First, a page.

- The construction and building permit process streamlined to be less expensive and time consuming;
- Trading across borders made easier by enabling post-clearance audits and integrating trade stakeholders onto a single electronic platform;
- Resolving insolvency made easier by promoting reorganization proceedings in practice.

In spite of the improvements shown in the rankings, India still performed poorly in several parameters, including registering property (154), starting a business (136), paying taxes (115), and enforcing contracts (163).

It should note that only Delhi, Mumbai, Kolkata, and Bengaluru are included in the surveys that form the basis of the World Bank’s report.

On the ground, the states of Gujarat, Maharashtra, Karnataka, Andhra Pradesh, and Tamil Nadu are the top five performing states in India, based on their contribution to the national GDP.

Slightly different in its estimation, the National Council for Applied and Economic Research (NCAER) 2018 State Investment Potential Index (N-SIPI) identifies Delhi, Tamil Nadu, Gujarat, Haryana, and Maharashtra as the most investment-friendly destinations in India. The NCAER uses a perceptions-based survey to rank the competitiveness of Indian states’ business environment on six pillars – land, labor, infrastructure, economic climate, political stability and governance, and business perceptions.

According to the survey, in terms of the economic climate, Delhi, Telangana, and Gujarat are the top three states. In case of infrastructure, Delhi, Punjab, and Haryana are leading performers. For governance and political stability, the top three spots are occupied by Tamil Nadu, Haryana, and Punjab. For procuring labor, Tamil Nadu, Andhra Pradesh, and Telangana have been ranked as the top states. When it comes to overall ranking, Gujarat, Maharashtra, and Tamil Nadu each present a strong business case.

It is therefore important that foreign investors seek local advice to support insights derived from macro reports. India is a highly diverse and differentiated market and investors should make their decisions based on how each state caters to their respective industry and what are the regional tax and regulatory incentives.

Resolving insolvency to become easier with legal changes introduced

India improved significantly on resolving insolvency – the country jumped 56 places to rank 52 on the World Bank’s Ease of Doing Business index in this category of assessment.

In August 2016, the Insolvency and Bankruptcy Code (IBC) was implemented to protect investors and make the process of doing business in India simpler. Further, a second bill titled Insolvency and Bankruptcy Code (Second Amendment) was introduced in the parliament in in December 2019, to streamline the corporate insolvency resolution process. This bill has been approved by the prime minister’s cabinet and is expected to be passed in parliament.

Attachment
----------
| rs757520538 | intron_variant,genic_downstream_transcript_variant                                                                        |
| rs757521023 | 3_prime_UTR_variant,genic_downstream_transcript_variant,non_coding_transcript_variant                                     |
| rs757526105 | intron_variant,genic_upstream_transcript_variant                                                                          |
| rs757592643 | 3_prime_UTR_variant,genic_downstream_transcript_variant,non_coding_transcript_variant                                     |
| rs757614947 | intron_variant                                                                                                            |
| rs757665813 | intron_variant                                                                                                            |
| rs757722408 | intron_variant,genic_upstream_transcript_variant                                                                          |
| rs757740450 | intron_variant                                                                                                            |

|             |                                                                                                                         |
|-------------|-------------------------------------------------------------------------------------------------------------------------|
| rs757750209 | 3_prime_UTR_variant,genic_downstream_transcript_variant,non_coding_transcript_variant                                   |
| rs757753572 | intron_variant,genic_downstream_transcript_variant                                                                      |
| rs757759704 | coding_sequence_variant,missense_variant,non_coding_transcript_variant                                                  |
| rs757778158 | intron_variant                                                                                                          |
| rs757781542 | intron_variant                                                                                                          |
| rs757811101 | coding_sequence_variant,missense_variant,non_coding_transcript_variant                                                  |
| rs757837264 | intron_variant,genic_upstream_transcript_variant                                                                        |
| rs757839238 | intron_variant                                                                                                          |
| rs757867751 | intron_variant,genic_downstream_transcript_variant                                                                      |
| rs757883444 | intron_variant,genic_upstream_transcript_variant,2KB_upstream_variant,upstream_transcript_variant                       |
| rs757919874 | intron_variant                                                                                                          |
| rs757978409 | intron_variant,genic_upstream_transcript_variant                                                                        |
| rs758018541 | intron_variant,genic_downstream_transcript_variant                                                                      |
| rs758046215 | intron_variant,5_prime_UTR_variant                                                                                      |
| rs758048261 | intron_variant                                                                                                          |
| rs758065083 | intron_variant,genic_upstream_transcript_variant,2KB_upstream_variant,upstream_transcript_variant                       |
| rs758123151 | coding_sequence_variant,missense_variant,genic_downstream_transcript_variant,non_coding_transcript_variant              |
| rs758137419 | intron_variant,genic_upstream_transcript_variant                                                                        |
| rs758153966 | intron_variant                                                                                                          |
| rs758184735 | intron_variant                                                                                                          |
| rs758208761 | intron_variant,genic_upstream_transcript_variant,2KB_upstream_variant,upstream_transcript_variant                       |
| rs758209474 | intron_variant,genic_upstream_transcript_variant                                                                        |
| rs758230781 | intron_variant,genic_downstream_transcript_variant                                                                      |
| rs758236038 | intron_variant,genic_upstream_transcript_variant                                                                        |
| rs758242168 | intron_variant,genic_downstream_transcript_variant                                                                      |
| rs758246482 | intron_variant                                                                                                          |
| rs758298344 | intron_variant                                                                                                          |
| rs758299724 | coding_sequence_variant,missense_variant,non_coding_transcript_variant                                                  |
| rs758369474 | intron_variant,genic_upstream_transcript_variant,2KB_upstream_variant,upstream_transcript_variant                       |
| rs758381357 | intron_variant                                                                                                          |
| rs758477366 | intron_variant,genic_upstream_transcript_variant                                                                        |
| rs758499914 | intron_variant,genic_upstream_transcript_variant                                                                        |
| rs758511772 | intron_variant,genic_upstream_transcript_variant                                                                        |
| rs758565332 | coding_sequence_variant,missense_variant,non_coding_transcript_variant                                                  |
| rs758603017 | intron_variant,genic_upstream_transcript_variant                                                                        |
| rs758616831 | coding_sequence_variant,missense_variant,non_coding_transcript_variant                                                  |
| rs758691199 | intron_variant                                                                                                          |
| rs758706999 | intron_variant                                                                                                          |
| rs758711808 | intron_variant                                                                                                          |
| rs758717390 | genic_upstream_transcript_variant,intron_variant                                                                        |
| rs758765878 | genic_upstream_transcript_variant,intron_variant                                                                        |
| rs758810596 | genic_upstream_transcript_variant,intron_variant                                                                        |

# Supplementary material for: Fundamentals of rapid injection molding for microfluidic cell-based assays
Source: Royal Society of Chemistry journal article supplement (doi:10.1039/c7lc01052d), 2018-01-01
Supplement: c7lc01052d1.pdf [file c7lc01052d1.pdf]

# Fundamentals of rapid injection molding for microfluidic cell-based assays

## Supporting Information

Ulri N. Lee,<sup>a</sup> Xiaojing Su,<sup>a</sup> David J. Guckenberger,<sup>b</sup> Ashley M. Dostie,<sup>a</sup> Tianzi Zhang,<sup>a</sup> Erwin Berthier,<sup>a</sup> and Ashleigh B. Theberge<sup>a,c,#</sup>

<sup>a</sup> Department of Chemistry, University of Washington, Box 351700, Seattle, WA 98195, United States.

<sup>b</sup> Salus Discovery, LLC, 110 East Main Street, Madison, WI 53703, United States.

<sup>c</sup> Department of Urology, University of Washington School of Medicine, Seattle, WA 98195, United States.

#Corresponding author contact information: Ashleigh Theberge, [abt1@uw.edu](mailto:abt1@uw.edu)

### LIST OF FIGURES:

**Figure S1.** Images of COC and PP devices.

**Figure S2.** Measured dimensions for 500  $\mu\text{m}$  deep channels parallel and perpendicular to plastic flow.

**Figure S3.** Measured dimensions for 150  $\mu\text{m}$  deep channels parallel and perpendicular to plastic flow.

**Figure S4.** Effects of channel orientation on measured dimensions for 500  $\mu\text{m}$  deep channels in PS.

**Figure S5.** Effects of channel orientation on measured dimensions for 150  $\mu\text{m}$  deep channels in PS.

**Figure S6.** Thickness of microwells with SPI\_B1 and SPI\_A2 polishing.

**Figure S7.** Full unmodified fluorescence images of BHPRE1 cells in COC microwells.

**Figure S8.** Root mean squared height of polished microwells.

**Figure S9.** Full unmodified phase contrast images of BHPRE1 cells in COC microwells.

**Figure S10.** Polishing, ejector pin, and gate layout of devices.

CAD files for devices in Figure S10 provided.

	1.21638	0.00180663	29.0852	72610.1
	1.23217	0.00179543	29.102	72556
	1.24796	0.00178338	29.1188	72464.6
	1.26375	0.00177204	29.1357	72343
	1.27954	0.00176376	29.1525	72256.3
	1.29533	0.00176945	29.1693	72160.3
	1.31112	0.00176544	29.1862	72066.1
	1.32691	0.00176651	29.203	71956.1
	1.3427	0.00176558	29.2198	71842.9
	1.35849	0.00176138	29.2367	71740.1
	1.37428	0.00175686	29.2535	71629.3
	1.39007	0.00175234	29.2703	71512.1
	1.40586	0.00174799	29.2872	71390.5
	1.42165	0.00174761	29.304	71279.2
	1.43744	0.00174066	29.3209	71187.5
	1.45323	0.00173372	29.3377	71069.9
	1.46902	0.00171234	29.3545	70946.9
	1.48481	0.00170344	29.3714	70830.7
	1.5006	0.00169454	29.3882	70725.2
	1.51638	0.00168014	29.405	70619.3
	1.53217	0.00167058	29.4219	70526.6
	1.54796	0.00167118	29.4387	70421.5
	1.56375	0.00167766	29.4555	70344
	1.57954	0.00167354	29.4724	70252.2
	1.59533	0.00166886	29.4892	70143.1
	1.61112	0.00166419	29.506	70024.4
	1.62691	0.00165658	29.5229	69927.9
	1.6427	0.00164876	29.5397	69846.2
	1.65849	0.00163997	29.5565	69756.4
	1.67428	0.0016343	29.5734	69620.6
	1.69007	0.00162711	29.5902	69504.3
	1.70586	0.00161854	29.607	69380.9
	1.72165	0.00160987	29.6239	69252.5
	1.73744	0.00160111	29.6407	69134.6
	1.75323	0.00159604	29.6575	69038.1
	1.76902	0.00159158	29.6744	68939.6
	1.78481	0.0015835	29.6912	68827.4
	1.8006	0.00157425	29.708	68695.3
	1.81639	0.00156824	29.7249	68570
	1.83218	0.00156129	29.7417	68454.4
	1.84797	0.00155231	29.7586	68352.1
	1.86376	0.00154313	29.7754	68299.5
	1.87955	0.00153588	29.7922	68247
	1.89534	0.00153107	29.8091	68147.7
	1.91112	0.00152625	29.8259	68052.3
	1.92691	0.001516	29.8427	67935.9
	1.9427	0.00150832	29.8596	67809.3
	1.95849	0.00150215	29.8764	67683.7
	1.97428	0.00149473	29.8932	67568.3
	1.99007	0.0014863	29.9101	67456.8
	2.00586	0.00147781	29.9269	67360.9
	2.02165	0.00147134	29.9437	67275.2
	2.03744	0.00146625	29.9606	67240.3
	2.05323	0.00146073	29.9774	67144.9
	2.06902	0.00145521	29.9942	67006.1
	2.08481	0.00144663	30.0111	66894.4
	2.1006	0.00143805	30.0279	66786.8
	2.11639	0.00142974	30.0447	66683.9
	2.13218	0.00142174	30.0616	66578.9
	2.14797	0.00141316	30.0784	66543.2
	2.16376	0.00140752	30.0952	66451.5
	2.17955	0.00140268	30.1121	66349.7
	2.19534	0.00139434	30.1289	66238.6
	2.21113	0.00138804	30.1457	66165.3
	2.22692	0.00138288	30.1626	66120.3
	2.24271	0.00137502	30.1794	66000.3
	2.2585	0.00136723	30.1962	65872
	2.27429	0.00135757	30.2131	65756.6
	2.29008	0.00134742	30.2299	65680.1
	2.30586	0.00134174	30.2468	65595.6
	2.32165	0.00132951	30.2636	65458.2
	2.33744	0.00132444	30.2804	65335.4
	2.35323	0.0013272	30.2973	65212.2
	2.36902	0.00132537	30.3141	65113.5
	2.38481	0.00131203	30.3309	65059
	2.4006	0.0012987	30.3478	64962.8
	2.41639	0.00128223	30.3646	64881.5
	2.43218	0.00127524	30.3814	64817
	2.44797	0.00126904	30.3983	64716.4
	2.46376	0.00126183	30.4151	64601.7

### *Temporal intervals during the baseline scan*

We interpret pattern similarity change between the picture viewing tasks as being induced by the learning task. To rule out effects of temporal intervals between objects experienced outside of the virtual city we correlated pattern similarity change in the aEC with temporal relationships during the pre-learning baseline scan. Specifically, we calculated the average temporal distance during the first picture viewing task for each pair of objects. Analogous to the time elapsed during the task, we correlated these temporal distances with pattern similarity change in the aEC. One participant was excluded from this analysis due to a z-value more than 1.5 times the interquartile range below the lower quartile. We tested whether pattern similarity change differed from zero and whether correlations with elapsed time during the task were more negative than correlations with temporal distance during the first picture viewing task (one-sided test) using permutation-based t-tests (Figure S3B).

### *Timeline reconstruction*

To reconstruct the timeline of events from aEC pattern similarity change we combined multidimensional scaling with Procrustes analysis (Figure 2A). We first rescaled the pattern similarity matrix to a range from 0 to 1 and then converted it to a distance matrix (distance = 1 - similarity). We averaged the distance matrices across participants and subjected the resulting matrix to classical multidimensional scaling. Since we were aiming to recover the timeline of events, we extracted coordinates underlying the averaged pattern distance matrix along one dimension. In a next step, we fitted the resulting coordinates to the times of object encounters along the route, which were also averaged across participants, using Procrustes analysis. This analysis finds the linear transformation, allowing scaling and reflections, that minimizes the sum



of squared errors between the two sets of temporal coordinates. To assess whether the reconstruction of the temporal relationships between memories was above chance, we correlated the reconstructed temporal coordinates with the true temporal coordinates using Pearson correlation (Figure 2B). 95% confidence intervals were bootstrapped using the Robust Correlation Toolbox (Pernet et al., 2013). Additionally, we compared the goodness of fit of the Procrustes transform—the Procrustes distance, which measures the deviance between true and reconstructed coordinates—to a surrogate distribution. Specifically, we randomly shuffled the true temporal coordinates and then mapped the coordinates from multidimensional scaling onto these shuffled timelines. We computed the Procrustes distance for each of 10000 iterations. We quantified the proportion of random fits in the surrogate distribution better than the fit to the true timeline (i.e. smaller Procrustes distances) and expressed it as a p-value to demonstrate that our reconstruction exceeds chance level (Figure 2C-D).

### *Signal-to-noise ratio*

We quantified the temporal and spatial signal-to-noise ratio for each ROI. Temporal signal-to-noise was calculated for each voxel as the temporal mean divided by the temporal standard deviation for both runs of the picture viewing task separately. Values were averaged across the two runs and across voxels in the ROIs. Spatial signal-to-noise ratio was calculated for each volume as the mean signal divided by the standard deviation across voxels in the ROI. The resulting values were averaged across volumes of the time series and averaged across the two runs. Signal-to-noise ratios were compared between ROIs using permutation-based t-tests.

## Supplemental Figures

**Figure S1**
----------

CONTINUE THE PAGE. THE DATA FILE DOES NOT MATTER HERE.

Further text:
The amended Code directs the courts to ensure timely conclusion of cases, affords greater flexibility for corporate restructuring to maximize the value of assets, and prioritizes the interests of secured creditors. For the real estate sector, insolvency can only be initiated if 10 percent or 100 homebuyers, whichever is lower, or debenture holders agree to the move. No single homebuyer can approach the National Company Law Tribunal (NCLT) to invoke
IBC provisions under this amended code.

By providing a time-bound process for resolving insolvency, India hopes to provide a more transparent and reliable business environment for foreign investors.

The following amendments have been introduced to the IBC:
- Permits, licenses, and registration will not be terminated on the grounds of insolvency;
- Minimum threshold (for a certain class of financial creditors) for initiating the bankruptcy resolution process;
- Corporate debtors to be allowed to initiate resolution process against any other corporate debtor;

Liability of a corporate debtor for an offence committed prior to the commencement of the corporate insolvency resolution process shall cease; and,
Restrictions on certain corporate debtors from making an application to initiate the resolution process.

What investors expect from India in 2020

With a cut in the growth forecast, and ongoing economic slowdown, India’s path to economic recovery will be challenging. Experts specify that India needs policy-based reforms especially focused around land and labor. Specifically, foreign investors are looking at the government to make it easier and less expensive for companies to acquire land. They are also looking for more flexibility when it comes to hiring workforce.

The government is already working towards these reforms, and is assimilating 44 labor laws into four major codes – wages; industrial relations; social security; and safety, health and working conditions. When these four codes will become law, it will simplify registration and compliances for businesses which has been major sticking point for foreign companies.

More sectors in India are now liberalized and the government remains committed to creating a favorable ecosystem for foreign investors. The services, computer software and hardware, and telecommunications are the largest sectors for FDI equity inflow in India and trends show this will continue to be the case. The challenge for the government, therefore, is attracting investments into its industrial and manufacturing sector for which economic reforms are essential.

As the US-China trade war continues, it will open up opportunities for India as more companies look to geographically derisk their Asia operations. To take advantage, India must address its infrastructure weaknesses and streamline regulatory requirements – policy decisions in 2020 will be key in this regard. Business plan for the long-term and any uncertainty or reactionary moves to protect domestic competition will dissuade foreign investors. This will be essential as India works towards playing a bigger role in the global supply chain.